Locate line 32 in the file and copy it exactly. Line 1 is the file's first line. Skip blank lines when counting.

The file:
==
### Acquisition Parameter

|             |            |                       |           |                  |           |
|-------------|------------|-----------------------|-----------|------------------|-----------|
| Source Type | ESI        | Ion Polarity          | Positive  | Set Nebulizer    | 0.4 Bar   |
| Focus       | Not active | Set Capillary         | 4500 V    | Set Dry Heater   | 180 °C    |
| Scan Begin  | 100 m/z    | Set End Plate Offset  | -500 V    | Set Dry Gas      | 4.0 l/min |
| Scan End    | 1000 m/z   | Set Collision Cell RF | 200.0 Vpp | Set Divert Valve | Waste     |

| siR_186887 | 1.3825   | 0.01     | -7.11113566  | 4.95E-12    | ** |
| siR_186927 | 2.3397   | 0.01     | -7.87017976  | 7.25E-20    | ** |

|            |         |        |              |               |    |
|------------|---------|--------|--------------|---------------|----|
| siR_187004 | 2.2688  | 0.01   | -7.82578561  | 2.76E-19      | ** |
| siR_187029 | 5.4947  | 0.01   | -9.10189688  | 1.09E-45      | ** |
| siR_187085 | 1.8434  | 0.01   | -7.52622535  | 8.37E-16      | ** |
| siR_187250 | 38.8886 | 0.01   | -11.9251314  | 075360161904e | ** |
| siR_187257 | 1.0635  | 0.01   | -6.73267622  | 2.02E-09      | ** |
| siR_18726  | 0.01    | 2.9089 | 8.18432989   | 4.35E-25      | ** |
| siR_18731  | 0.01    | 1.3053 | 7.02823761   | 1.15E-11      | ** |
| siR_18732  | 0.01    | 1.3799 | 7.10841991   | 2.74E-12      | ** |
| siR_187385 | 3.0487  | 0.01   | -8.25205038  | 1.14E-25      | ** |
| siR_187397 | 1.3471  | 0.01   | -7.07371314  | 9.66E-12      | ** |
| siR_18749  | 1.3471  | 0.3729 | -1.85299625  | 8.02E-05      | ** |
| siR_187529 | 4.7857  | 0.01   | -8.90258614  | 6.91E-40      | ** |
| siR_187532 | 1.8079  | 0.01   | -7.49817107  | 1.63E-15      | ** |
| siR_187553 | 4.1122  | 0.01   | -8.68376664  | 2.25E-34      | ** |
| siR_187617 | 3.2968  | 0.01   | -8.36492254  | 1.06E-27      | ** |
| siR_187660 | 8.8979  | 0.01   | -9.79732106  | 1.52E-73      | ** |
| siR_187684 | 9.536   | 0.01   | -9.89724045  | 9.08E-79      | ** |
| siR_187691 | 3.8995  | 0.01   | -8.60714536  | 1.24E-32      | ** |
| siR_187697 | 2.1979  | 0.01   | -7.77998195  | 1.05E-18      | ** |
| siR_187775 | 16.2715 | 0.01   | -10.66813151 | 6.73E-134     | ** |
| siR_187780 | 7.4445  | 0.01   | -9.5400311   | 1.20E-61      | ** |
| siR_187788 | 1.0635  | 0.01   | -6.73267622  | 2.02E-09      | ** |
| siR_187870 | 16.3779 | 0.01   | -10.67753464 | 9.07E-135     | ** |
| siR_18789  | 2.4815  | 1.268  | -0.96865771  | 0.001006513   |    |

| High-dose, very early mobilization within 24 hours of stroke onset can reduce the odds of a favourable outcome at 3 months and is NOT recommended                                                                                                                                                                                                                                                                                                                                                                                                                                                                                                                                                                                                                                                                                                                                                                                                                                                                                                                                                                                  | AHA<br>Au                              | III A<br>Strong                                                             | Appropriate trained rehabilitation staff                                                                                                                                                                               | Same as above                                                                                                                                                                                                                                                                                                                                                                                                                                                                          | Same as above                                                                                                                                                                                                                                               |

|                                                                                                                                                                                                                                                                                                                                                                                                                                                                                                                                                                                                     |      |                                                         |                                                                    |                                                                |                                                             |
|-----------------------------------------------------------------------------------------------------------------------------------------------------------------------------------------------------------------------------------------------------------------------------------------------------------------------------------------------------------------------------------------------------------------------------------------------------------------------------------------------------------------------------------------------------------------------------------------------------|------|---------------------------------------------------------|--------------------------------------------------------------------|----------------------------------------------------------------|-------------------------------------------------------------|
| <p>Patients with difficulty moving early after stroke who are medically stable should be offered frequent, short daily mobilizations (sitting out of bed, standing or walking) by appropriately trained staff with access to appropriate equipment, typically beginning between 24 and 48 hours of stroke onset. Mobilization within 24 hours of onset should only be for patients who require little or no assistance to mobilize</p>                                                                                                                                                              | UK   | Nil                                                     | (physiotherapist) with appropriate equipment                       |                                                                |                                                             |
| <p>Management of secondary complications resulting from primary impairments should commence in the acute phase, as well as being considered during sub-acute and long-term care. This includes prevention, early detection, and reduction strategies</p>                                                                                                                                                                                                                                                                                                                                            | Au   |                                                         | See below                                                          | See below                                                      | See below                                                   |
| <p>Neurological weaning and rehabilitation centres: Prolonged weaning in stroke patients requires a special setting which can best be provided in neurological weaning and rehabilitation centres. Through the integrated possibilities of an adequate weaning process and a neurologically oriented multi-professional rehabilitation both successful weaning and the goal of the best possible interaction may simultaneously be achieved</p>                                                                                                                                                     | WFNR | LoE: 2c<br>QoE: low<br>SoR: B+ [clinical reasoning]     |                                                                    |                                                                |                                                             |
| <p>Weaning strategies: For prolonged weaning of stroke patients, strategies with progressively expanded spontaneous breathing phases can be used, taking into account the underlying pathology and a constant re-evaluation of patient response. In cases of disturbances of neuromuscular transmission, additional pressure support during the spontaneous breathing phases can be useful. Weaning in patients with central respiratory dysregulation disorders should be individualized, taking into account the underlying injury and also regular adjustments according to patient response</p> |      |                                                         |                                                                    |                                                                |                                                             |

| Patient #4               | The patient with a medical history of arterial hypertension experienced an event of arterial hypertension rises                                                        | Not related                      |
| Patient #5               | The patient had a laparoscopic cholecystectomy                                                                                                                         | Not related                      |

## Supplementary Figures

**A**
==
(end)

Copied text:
| siR_187780 | 7.4445  | 0.01   | -9.5400311   | 1.20E-61      | ** |